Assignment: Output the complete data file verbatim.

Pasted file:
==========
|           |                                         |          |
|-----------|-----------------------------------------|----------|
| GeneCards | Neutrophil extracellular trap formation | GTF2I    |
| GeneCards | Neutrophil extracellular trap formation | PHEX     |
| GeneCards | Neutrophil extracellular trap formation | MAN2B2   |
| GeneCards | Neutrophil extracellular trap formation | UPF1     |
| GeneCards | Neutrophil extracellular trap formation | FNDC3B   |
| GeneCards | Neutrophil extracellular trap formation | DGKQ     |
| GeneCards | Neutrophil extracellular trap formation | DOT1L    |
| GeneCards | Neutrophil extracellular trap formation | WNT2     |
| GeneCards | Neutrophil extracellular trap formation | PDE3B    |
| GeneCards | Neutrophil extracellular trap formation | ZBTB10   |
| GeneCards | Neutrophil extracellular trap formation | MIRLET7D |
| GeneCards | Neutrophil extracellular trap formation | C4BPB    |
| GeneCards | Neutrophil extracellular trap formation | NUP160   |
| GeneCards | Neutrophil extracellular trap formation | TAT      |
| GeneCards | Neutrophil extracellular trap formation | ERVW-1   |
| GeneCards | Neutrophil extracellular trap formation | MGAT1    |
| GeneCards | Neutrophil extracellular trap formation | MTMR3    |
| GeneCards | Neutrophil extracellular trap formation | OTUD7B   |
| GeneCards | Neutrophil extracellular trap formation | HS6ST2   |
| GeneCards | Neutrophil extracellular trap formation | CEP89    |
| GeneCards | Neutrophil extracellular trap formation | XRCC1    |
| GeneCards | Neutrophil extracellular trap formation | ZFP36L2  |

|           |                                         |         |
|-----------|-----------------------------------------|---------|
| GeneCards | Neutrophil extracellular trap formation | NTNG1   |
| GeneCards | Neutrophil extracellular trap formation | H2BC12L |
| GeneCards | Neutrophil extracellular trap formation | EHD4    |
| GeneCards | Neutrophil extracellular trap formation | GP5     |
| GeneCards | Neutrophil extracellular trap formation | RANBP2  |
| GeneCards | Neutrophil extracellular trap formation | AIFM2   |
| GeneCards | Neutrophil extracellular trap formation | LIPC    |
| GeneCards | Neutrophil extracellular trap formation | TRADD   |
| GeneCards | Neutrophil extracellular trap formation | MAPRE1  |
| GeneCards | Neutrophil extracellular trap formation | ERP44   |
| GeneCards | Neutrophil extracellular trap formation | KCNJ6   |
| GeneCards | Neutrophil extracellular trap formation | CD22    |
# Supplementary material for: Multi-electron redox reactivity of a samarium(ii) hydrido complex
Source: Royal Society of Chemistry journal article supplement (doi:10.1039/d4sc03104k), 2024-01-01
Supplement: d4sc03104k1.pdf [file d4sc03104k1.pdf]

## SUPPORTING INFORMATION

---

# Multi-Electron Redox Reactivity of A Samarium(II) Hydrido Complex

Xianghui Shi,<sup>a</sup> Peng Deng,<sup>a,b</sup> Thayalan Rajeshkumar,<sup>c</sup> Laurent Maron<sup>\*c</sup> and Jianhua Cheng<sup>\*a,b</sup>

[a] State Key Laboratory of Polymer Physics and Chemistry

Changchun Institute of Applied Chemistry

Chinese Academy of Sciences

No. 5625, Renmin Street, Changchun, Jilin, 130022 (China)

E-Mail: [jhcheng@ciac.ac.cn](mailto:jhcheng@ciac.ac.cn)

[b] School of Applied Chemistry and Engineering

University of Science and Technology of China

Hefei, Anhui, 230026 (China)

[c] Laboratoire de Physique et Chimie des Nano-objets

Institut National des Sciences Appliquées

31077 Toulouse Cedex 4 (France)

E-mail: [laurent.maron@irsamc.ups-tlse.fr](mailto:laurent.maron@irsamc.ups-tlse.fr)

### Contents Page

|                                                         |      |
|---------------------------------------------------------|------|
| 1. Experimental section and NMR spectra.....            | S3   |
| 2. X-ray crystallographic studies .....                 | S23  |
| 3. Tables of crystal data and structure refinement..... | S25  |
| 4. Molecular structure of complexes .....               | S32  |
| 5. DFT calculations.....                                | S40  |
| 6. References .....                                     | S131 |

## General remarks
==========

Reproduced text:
|           |                                         |          |
|-----------|-----------------------------------------|----------|
| GeneCards | Neutrophil extracellular trap formation | GTF2I    |
| GeneCards | Neutrophil extracellular trap formation | PHEX     |
| GeneCards | Neutrophil extracellular trap formation | MAN2B2   |
| GeneCards | Neutrophil extracellular trap formation | UPF1     |
| GeneCards | Neutrophil extracellular trap formation | FNDC3B   |
| GeneCards | Neutrophil extracellular trap formation | DGKQ     |
| GeneCards | Neutrophil extracellular trap formation | DOT1L    |
| GeneCards | Neutrophil extracellular trap formation | WNT2     |
| GeneCards | Neutrophil extracellular trap formation | PDE3B    |
| GeneCards | Neutrophil extracellular trap formation | ZBTB10   |
| GeneCards | Neutrophil extracellular trap formation | MIRLET7D |
| GeneCards | Neutrophil extracellular trap formation | C4BPB    |
| GeneCards | Neutrophil extracellular trap formation | NUP160   |
| GeneCards | Neutrophil extracellular trap formation | TAT      |
| GeneCards | Neutrophil extracellular trap formation | ERVW-1   |
| GeneCards | Neutrophil extracellular trap formation | MGAT1    |
| GeneCards | Neutrophil extracellular trap formation | MTMR3    |
| GeneCards | Neutrophil extracellular trap formation | OTUD7B   |
| GeneCards | Neutrophil extracellular trap formation | HS6ST2   |
| GeneCards | Neutrophil extracellular trap formation | CEP89    |
| GeneCards | Neutrophil extracellular trap formation | XRCC1    |
| GeneCards | Neutrophil extracellular trap formation | ZFP36L2  |

|           |                                         |         |
|-----------|-----------------------------------------|---------|
| GeneCards | Neutrophil extracellular trap formation | NTNG1   |
| GeneCards | Neutrophil extracellular trap formation | H2BC12L |
| GeneCards | Neutrophil extracellular trap formation | EHD4    |
| GeneCards | Neutrophil extracellular trap formation | GP5     |
| GeneCards | Neutrophil extracellular trap formation | RANBP2  |
| GeneCards | Neutrophil extracellular trap formation | AIFM2   |
| GeneCards | Neutrophil extracellular trap formation | LIPC    |
| GeneCards | Neutrophil extracellular trap formation | TRADD   |
| GeneCards | Neutrophil extracellular trap formation | MAPRE1  |
| GeneCards | Neutrophil extracellular trap formation | ERP44   |
| GeneCards | Neutrophil extracellular trap formation | KCNJ6   |
| GeneCards | Neutrophil extracellular trap formation | CD22    |
# Supplementary material for: Multi-electron redox reactivity of a samarium(ii) hydrido complex
Source: Royal Society of Chemistry journal article supplement (doi:10.1039/d4sc03104k), 2024-01-01
Supplement: d4sc03104k1.pdf [file d4sc03104k1.pdf]

## SUPPORTING INFORMATION

---

# Multi-Electron Redox Reactivity of A Samarium(II) Hydrido Complex

Xianghui Shi,<sup>a</sup> Peng Deng,<sup>a,b</sup> Thayalan Rajeshkumar,<sup>c</sup> Laurent Maron<sup>\*c</sup> and Jianhua Cheng<sup>\*a,b</sup>

[a] State Key Laboratory of Polymer Physics and Chemistry

Changchun Institute of Applied Chemistry

Chinese Academy of Sciences

No. 5625, Renmin Street, Changchun, Jilin, 130022 (China)

E-Mail: [jhcheng@ciac.ac.cn](mailto:jhcheng@ciac.ac.cn)

[b] School of Applied Chemistry and Engineering

University of Science and Technology of China

Hefei, Anhui, 230026 (China)

[c] Laboratoire de Physique et Chimie des Nano-objets

Institut National des Sciences Appliquées

31077 Toulouse Cedex 4 (France)

E-mail: [laurent.maron@irsamc.ups-tlse.fr](mailto:laurent.maron@irsamc.ups-tlse.fr)

### Contents Page

|                                                         |      |
|---------------------------------------------------------|------|
| 1. Experimental section and NMR spectra.....            | S3   |
| 2. X-ray crystallographic studies .....                 | S23  |
| 3. Tables of crystal data and structure refinement..... | S25  |
| 4. Molecular structure of complexes .....               | S32  |
| 5. DFT calculations.....                                | S40  |
| 6. References .....                                     | S131 |

## General remarks